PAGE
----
Availability of data and materials

All scripts and data used to produce these analyses and figures are available at (



Ultra-high frequency


Low impact minimally percutaneous electronic transmitter


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We thank Joel Bell of Naval Facilities Engineering Command Atlantic for sustained project support and the latitude to experiment with methodology. Jessica Aschettino of HDR, Inc. provided assistance with tag deployments in 2018 as well as continued logistical support along with Daniel Engelhaupt of HDR, Inc. Jeanne Shearer prepared the DTAG data. We thank all members of the field team including Rafaella Lobo, Andrew Westgate, Jillian Wisse, Eleanor Heywood, Captain Reed Meredith of the F/V Kahuna, and Captain Jimmy Horning Jr. of the F/V Hog Wild. Greg Schorr and Dave Haas provided helpful input on tag programming and strategy. Matthew Rutishauser and Kenady Wilson of Wildlife Computers assisted during discussions on technical aspects of the tags. We thank the two anonymous reviewers for their thoughtful and helpful comments.


This work was supported by the US Fleet Forces Command Marine Species Monitoring Program through the Naval Facilities Engineering Command Atlantic under contract nos. N62470-10-D-3011 (Task Orders 14, 21), N62470-10-D-3011 (Task Order 57), and N62470-15-D-8006 (Task Orders 07, 28, 18F4036, 19F4029) issued to HDR, Inc.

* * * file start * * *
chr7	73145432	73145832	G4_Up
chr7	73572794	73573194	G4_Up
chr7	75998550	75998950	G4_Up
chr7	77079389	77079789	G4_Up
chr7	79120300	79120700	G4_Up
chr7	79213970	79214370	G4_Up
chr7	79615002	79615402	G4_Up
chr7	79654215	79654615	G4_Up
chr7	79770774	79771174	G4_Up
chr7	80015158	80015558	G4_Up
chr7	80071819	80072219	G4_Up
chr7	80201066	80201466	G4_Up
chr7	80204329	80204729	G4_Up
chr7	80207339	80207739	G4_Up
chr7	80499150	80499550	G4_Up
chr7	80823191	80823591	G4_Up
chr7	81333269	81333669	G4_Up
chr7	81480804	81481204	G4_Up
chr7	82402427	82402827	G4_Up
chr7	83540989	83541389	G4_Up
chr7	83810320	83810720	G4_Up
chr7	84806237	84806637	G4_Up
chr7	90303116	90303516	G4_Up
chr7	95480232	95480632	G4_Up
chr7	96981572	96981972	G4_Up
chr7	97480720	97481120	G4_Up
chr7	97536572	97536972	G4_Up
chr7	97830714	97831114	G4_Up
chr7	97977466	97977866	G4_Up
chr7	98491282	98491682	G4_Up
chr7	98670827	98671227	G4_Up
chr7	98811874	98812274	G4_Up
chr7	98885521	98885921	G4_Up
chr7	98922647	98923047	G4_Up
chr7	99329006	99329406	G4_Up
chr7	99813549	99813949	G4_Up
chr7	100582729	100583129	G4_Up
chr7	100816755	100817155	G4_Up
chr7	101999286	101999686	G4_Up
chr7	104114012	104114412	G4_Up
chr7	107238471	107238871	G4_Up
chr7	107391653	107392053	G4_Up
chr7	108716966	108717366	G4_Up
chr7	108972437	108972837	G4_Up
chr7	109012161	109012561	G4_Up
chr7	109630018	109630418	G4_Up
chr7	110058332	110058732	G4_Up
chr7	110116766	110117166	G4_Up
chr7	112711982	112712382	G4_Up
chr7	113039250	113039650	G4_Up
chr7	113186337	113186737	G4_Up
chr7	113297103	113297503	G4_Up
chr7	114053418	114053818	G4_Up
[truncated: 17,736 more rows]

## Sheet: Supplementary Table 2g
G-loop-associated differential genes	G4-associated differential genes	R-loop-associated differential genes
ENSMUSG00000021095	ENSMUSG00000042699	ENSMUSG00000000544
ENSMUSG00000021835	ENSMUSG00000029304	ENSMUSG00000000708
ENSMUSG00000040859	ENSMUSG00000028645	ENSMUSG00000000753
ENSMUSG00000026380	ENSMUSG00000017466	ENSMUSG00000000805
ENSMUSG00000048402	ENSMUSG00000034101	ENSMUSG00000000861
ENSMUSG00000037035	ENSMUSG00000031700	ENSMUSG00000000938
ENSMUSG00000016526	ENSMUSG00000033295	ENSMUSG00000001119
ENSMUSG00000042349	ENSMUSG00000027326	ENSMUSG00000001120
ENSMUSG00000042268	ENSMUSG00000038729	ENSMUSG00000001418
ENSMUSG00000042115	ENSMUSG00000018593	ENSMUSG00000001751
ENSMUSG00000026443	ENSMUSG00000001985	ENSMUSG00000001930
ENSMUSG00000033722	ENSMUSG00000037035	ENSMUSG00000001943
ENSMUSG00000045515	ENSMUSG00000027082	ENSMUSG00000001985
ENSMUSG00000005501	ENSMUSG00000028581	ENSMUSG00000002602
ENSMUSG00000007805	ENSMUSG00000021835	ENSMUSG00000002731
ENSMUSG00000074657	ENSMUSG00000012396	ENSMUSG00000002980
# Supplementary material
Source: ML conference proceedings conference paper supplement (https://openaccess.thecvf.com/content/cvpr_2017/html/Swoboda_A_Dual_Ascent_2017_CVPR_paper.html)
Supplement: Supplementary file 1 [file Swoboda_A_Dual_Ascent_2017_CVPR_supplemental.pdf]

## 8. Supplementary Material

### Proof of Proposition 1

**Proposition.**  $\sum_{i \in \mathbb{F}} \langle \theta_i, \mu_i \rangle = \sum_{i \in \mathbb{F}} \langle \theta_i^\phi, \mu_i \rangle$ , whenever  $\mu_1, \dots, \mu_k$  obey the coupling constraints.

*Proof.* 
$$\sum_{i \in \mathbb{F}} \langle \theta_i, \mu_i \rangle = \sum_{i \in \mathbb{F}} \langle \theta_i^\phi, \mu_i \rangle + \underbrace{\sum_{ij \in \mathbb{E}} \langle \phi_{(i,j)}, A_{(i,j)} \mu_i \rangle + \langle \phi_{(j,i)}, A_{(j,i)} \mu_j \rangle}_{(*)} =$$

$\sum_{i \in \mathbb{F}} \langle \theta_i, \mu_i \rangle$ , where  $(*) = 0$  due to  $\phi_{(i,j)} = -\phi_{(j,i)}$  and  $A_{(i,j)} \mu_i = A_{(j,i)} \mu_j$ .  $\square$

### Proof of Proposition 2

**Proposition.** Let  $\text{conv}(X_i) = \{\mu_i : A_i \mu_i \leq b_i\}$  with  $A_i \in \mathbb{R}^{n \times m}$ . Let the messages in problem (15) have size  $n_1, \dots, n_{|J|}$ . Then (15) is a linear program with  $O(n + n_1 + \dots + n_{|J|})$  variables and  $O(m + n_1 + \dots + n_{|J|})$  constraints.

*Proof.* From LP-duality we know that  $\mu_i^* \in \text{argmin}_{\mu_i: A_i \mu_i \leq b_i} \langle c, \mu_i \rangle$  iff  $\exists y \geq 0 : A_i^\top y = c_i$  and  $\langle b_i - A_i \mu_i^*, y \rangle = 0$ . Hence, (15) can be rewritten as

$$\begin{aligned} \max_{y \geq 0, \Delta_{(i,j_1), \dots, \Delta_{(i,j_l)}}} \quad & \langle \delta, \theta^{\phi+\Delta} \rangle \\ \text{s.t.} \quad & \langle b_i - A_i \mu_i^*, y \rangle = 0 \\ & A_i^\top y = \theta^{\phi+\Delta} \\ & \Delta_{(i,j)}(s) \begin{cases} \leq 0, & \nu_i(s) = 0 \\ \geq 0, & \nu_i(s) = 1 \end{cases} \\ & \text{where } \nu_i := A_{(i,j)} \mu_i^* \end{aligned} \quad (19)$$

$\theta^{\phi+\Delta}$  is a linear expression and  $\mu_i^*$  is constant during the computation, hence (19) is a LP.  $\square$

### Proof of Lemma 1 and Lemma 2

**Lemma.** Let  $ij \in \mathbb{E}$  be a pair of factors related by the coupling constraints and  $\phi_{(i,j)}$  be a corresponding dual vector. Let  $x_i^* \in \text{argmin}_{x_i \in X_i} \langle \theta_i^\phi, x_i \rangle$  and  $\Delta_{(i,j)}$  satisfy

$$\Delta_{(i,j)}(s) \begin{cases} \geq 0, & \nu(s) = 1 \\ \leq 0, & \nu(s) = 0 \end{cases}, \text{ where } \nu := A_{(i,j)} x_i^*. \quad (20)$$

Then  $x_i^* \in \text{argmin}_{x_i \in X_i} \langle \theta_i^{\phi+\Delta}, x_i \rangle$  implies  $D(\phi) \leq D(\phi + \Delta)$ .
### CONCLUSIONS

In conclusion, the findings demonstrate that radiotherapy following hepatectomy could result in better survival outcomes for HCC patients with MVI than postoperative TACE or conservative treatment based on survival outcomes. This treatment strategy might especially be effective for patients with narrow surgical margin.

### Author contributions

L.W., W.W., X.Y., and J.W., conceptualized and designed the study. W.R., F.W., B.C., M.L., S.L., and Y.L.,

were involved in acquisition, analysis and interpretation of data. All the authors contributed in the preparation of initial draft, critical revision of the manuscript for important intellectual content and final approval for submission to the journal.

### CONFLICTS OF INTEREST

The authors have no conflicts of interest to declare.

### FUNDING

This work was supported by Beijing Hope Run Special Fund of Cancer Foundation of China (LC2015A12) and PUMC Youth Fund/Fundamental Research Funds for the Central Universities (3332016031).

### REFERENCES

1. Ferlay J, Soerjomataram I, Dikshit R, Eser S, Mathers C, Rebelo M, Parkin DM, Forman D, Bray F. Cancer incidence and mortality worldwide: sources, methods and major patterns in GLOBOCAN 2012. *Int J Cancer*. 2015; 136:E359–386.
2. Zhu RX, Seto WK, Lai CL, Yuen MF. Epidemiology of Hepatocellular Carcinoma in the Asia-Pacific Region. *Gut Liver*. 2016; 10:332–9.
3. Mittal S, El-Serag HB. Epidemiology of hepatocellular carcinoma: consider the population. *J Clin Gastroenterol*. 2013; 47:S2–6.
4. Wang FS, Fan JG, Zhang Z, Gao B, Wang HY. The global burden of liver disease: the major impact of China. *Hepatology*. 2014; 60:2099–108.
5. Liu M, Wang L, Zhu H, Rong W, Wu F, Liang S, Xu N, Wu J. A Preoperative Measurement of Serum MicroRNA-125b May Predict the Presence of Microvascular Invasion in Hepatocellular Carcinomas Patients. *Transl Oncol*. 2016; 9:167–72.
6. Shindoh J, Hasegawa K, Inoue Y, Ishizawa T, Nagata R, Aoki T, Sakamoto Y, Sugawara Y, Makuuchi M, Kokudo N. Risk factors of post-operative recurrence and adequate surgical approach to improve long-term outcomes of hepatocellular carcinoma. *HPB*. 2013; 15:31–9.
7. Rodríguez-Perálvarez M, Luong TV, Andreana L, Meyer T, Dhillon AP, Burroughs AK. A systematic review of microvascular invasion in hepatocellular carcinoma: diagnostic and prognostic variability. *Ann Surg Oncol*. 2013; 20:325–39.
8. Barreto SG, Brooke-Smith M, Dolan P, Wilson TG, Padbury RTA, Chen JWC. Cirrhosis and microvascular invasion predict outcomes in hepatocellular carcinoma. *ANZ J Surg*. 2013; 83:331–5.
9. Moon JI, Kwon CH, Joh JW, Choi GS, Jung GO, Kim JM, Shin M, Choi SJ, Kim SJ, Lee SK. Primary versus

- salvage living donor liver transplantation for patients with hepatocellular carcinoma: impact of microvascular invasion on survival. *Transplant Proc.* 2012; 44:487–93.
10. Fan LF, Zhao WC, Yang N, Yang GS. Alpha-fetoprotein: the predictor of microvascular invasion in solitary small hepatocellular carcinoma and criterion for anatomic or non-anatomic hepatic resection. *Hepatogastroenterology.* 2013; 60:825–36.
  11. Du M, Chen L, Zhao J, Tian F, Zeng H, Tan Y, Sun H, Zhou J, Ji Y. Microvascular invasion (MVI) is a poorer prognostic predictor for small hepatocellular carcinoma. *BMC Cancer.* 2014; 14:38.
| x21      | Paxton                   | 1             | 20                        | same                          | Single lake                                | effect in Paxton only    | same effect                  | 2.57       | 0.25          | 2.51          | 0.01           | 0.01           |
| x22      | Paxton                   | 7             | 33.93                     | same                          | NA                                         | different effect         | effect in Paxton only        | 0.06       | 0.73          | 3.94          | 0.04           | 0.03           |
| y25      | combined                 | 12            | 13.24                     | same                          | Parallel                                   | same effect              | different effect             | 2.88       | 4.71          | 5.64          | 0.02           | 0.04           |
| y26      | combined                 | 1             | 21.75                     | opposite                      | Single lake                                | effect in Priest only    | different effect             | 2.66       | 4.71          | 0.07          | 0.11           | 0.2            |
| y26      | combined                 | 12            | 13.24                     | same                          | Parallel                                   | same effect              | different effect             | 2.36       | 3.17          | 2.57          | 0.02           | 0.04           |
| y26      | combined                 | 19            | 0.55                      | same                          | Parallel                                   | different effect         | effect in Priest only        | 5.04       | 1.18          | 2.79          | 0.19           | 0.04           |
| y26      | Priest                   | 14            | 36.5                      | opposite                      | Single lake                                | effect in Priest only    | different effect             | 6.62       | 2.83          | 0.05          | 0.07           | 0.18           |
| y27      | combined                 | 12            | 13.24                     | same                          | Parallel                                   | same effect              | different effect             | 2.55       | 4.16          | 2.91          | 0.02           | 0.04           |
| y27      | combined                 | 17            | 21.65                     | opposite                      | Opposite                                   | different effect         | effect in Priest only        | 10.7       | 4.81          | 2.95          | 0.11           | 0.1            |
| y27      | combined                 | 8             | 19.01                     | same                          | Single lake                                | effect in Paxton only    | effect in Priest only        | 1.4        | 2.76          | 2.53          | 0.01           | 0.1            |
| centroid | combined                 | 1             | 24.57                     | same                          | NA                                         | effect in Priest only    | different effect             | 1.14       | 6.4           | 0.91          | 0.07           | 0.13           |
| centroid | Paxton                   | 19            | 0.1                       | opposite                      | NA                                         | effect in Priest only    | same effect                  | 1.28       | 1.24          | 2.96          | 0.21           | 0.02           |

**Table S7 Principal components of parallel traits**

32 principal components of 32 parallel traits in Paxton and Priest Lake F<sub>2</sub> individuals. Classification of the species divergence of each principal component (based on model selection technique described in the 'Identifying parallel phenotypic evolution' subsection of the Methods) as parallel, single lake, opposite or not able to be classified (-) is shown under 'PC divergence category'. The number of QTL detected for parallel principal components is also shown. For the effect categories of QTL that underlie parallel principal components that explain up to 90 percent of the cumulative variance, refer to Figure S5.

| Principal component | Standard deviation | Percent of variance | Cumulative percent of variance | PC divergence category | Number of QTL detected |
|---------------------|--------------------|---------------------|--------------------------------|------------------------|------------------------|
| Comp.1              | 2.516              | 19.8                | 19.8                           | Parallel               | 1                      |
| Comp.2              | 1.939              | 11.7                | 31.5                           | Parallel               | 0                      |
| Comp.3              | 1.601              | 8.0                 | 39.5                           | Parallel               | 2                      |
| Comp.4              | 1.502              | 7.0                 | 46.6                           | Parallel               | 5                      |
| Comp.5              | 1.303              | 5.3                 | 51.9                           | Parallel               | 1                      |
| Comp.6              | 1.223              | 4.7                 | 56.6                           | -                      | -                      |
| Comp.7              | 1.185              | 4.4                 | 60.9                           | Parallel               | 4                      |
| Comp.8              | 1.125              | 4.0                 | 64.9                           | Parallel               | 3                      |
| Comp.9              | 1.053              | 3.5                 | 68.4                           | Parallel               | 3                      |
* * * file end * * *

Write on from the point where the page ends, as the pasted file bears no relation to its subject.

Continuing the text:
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Authors and Affiliations



AR, BS, DN, RB initially conceived the satellite tag deployment design (the behavioral response study) which generated these data and DLW, DMW, HF, NQ, WC, ZS provided additional input. DLW, DMW, HF, WC, ZS led the field work and data collection; AR, BS, DN, NQ, provided additional field assistance. WC conceived of the current study, analyzed the data, and wrote the first draft of the manuscript with input and revisions from all authors. All authors read and approved the final manuscript.

Corresponding author

Correspondence to William R. Cioffi.

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Ethics approval and consent to participate

Satellite tags were deployed under National Marine Fisheries Service scientific research permit numbers 17086 and 20605 to Robin W. Baird, 14809-03 to Douglas P. Nowacek, and 16239 to Daniel T. Engelhaupt. Photo identification was conducted under National Marine Fisheries Service general authorization letter of confirmation number 19903 to Andrew J. Read. All activities were approved by Institutional Animal Care and Use Committees at the respective institutions.

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The authors declare that they have no competing interests.

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Supplementary Information

Additional file 1: Table S1.

settings.csv. Detailed settings parameters for SPLASH10 tags.

Additional file 2: Figure S1:

Time-series message reception count via satellite only for 8 assessment tags in the time-series only programming configuration.

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Cioffi, W.R., Quick, N.J., Swaim, Z.T. et al. Trade-offs in telemetry tag programming for deep-diving cetaceans: data longevity, resolution, and continuity. Anim Biotelemetry 11, 23 (2023).